Students from UNM and other members of the Albuquerque community gathered Tuesday in the Student Union Building to target problems regarding police, mental illness and homelessness.

Six panelists answered questions and presented their opinions on the various topics. One major subject of discussion was the shootings by the Albuquerque Police Department.

“If they weren’t pulling guns out, then there wouldn’t be any violence,” said Vincente Alvarado, a retired APD officer who spoke at the forum. “Officers are people, they have families, and they have the right to go home at the end of their shift.”

Alvarado said officers are sent in to bad situations, and people should learn the consequences of pulling out weapons around officers.

On Monday morning, Mary Hawkes, 19, was shot and killed by APD. Police claimed Hawkes pulled a gun on an officer at close range.

Alfred Redwine was also shot and killed by APD in late March. Police said Redwine had a gun and fired first, but Redwine’s sister, Tammy, said Redwine never pointed a gun at police.

Earlier that month, James Boyd, an Albuquerque homeless man, was shot and killed by police. Police said Boyd was carrying two knives. In lapel footage provided by APD, Boyd appears to be turning away when police open fire.

David Correia, another panelist, said the APD uses excessive force and training does not adequately prepare them for de-escalating situations. He cited the civil investigation report by the Department of Justice, published near the beginning of April, as evidence.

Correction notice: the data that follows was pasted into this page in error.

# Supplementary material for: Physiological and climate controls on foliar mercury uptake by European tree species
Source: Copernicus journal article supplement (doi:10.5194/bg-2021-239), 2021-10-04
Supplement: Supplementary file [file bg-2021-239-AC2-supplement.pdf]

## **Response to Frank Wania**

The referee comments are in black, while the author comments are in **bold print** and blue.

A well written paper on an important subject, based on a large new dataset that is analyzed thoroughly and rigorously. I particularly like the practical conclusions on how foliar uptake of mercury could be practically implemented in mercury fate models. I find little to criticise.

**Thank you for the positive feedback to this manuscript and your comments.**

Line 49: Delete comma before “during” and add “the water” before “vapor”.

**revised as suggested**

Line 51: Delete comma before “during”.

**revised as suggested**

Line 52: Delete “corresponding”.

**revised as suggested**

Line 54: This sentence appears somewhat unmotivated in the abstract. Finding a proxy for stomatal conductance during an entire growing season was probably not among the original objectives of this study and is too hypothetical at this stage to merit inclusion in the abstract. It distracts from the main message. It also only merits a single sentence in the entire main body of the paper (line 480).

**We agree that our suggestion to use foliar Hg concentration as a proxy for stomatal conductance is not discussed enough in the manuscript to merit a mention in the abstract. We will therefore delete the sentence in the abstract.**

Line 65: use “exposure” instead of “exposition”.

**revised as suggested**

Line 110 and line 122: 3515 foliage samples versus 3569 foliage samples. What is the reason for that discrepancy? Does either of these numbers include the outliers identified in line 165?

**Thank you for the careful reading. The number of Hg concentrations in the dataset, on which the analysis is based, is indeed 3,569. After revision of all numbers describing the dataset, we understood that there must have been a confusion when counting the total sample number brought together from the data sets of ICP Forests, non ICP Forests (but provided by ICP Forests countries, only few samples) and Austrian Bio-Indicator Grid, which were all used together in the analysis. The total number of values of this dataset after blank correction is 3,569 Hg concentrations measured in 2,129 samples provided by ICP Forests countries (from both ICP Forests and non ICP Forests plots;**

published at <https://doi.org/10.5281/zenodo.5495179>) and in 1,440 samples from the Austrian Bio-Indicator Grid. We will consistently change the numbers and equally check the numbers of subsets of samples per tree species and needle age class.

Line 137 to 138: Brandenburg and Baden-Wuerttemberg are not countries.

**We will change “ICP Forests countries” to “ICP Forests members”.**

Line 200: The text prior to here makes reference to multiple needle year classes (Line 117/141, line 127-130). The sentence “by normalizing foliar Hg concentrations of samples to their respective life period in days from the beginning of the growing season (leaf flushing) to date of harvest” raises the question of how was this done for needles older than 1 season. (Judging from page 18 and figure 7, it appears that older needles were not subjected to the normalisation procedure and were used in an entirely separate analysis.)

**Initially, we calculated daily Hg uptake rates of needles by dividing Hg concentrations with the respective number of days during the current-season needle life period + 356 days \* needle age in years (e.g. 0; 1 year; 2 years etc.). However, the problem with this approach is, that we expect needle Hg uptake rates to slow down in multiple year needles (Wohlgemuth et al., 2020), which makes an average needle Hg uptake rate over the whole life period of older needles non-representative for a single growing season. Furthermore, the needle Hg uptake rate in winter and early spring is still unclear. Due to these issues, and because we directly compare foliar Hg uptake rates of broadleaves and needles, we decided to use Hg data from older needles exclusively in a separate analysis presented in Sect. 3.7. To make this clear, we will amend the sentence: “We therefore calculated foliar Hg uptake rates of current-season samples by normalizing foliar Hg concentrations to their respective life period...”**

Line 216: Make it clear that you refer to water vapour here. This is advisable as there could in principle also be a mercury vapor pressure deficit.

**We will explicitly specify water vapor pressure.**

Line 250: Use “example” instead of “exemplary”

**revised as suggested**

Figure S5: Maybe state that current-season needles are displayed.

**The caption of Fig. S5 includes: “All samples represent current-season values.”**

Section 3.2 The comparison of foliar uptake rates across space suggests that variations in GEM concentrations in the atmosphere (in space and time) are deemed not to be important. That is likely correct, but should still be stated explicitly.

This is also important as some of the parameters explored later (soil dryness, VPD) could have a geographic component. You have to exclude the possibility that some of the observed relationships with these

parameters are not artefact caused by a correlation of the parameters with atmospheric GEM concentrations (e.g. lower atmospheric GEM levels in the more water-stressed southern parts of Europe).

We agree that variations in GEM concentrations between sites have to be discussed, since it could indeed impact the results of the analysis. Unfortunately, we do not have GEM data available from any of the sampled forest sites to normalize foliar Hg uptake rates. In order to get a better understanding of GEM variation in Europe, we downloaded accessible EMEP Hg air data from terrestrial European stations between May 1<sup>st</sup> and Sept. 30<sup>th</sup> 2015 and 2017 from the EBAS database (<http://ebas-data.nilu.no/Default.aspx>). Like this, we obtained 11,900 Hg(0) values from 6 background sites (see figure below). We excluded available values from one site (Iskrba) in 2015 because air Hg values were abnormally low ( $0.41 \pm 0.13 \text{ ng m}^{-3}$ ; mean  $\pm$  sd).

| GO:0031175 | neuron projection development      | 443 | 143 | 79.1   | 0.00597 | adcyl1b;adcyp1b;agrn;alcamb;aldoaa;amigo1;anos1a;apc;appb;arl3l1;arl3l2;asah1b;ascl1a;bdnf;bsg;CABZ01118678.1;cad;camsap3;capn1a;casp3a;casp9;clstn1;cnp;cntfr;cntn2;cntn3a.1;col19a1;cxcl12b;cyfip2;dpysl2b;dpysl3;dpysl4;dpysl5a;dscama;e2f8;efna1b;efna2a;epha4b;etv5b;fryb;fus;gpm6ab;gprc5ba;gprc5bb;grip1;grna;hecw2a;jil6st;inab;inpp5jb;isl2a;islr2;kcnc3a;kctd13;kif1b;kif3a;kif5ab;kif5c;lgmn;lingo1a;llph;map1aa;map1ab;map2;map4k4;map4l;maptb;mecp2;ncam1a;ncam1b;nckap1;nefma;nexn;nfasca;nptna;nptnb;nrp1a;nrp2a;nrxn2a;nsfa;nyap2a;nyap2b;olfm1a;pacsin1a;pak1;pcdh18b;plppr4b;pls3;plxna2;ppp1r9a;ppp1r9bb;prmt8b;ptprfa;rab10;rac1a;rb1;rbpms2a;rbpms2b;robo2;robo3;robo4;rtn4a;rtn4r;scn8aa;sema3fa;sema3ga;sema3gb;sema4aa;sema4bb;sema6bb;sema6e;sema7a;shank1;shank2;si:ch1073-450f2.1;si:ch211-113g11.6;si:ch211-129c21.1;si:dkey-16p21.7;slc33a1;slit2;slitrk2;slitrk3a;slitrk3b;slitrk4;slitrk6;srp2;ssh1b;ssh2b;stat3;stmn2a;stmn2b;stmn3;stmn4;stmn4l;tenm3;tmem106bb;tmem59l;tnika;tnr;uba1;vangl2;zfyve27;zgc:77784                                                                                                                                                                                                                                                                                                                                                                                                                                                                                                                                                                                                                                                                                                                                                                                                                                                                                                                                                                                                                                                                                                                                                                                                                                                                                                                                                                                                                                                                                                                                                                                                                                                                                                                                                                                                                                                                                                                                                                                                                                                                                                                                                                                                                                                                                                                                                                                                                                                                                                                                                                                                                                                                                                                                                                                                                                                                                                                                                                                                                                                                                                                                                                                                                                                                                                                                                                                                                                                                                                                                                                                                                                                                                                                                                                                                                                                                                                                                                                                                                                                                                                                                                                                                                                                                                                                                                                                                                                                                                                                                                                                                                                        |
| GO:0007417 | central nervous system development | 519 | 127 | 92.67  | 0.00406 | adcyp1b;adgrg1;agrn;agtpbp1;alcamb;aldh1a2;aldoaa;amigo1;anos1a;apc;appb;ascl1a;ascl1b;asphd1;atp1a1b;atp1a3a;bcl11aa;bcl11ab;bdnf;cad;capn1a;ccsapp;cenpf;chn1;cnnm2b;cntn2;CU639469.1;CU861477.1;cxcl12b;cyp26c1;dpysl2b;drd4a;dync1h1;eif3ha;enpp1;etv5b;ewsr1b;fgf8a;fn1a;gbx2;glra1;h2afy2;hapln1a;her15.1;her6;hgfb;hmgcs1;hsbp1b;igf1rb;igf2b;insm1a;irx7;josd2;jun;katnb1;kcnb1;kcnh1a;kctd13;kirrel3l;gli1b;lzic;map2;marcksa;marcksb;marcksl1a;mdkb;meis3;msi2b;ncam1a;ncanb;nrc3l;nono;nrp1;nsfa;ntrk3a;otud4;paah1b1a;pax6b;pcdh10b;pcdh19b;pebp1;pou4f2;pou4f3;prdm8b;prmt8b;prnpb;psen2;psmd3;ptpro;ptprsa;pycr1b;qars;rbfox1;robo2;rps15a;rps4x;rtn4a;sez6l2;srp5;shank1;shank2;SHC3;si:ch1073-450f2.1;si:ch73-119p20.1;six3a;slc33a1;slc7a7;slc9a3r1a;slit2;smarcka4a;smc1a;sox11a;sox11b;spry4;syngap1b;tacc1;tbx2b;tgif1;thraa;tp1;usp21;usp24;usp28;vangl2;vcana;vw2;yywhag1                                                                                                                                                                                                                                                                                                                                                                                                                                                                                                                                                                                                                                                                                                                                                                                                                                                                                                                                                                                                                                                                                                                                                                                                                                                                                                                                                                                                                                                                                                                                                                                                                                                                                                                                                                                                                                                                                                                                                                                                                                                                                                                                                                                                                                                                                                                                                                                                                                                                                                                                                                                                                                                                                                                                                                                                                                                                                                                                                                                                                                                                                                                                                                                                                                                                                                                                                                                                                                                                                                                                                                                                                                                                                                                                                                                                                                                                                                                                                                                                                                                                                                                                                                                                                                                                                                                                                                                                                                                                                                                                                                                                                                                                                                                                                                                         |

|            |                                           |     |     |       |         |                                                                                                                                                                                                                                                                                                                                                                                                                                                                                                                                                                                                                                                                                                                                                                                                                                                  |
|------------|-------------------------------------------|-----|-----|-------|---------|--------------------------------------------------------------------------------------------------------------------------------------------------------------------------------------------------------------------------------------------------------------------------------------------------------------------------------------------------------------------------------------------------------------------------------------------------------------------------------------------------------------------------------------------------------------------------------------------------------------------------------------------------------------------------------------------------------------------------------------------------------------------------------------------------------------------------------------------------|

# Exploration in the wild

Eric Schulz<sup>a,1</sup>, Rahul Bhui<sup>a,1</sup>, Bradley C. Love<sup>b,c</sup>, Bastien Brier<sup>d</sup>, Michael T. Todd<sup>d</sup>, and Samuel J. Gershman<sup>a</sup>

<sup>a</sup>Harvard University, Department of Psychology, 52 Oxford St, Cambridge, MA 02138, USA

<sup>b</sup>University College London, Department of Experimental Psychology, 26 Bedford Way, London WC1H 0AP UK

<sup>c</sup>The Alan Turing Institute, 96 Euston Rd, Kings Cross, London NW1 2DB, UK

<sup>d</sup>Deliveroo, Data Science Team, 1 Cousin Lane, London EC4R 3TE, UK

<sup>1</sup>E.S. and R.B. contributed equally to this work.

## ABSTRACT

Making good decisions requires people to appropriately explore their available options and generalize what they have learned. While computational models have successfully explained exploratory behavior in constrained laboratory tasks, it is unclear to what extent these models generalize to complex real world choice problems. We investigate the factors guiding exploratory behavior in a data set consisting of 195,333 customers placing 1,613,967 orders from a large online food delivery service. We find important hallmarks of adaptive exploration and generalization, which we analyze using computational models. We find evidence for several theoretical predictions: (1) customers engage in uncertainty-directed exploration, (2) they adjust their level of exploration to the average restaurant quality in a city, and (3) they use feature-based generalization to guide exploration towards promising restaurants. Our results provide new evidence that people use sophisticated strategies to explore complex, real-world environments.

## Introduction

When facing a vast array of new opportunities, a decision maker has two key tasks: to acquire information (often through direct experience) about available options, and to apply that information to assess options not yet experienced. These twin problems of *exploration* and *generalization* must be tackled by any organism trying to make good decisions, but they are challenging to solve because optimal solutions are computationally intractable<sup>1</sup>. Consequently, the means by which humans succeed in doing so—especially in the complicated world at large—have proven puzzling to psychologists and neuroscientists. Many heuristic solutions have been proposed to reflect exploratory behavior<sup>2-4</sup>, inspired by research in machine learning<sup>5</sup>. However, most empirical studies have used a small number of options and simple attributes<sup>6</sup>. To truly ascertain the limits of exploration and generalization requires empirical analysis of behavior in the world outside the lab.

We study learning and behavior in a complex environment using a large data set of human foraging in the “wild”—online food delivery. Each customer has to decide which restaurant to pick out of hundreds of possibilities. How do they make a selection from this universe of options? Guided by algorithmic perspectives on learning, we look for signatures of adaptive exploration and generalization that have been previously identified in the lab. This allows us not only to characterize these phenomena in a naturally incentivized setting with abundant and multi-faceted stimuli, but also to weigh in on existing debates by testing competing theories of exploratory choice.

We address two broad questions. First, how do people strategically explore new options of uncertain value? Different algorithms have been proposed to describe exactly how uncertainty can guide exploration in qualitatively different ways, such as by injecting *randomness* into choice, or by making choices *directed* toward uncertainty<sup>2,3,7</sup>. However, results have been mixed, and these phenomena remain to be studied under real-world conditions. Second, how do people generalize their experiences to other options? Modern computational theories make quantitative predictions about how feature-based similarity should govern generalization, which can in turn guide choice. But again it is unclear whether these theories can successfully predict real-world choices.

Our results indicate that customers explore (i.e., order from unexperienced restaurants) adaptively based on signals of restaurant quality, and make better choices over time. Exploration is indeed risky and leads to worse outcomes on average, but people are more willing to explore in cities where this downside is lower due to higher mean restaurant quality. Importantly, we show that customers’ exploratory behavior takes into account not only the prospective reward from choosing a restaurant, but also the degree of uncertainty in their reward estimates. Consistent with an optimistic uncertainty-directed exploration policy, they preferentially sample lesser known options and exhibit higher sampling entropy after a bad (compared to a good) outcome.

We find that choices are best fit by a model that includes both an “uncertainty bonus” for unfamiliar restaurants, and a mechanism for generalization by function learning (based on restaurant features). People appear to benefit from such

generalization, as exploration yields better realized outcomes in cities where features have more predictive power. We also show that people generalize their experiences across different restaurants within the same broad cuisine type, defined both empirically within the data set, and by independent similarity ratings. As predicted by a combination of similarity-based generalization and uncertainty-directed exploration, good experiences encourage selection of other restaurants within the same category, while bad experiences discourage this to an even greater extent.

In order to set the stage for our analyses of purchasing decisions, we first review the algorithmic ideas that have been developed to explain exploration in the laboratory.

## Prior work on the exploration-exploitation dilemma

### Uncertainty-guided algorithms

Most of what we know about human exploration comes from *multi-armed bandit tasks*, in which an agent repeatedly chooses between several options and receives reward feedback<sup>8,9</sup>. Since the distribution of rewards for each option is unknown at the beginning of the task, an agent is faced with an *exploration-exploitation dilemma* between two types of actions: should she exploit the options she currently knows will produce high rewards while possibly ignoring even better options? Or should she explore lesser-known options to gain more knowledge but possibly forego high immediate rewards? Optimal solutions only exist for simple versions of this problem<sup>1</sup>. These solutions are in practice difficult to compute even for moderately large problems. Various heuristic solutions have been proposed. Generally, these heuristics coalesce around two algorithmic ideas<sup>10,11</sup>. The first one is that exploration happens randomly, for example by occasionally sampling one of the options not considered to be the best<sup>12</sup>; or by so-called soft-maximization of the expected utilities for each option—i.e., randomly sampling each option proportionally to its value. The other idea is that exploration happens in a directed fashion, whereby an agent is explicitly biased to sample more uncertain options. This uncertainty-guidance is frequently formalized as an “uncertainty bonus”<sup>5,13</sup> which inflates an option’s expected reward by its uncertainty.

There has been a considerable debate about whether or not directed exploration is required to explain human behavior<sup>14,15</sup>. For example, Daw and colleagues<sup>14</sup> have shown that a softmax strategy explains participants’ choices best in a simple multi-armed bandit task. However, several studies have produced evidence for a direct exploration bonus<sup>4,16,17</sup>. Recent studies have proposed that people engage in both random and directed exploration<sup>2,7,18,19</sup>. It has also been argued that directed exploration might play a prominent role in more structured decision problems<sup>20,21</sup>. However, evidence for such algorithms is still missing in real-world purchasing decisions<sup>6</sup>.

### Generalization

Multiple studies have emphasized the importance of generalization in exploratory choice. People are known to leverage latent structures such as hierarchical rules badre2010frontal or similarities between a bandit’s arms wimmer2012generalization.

“What can the Albuquerque Police Department do to garner our trust and legitimacy? Stop harassing us, stop shooting us, start engaging in honest, community policing that doesn’t place themselves outside the fabric of this community,” he said.

According to the DOJ report, officers too frequently use deadly force against people who pose a minimal threat. The report also found that encounters between APD and people with mental illness too frequently result in a higher level of force than is necessary.

“There’s a huge amount of stigma about mental health in our community and in our country,” said Caroline Bonham, an assistant professor in psychiatry at UNM. “We don’t talk about it, people don’t know how to recognize it, don’t know how to name it and don’t know how to get people into care. I think that’s part of one piece of the solution, is addressing stigma in mental health and early intervention for these problems.”

Bonham said mental health treatment is more likely to be successful if the people admitted for care have a gentle entry.

Boyd had a long history of mental illness, according to the Albuquerque Journal.

Correia said decriminalizing homelessness and mental illness and promoting care for the individuals will help prevent violent disputes between those communities and the police.

“Until we decriminalize homelessness and mental illness by getting rid of ordinances against transience, against panhandling…the homeless and mentally ill will always eventually find themselves in violent conflict with the police,” he said.

Alvarado said he agrees there needs to be an increase in mental care.

He said if the police get a call about a homeless person lying out in the street, officers are dispatched to check up on the individual.

“They have to go out there to do what they call a welfare check, to make sure that they’re still alive and still breathing,” he said. “Once they can verify that they’re alive and breathing, then we have units…go down to pick them up and take them to shelters.”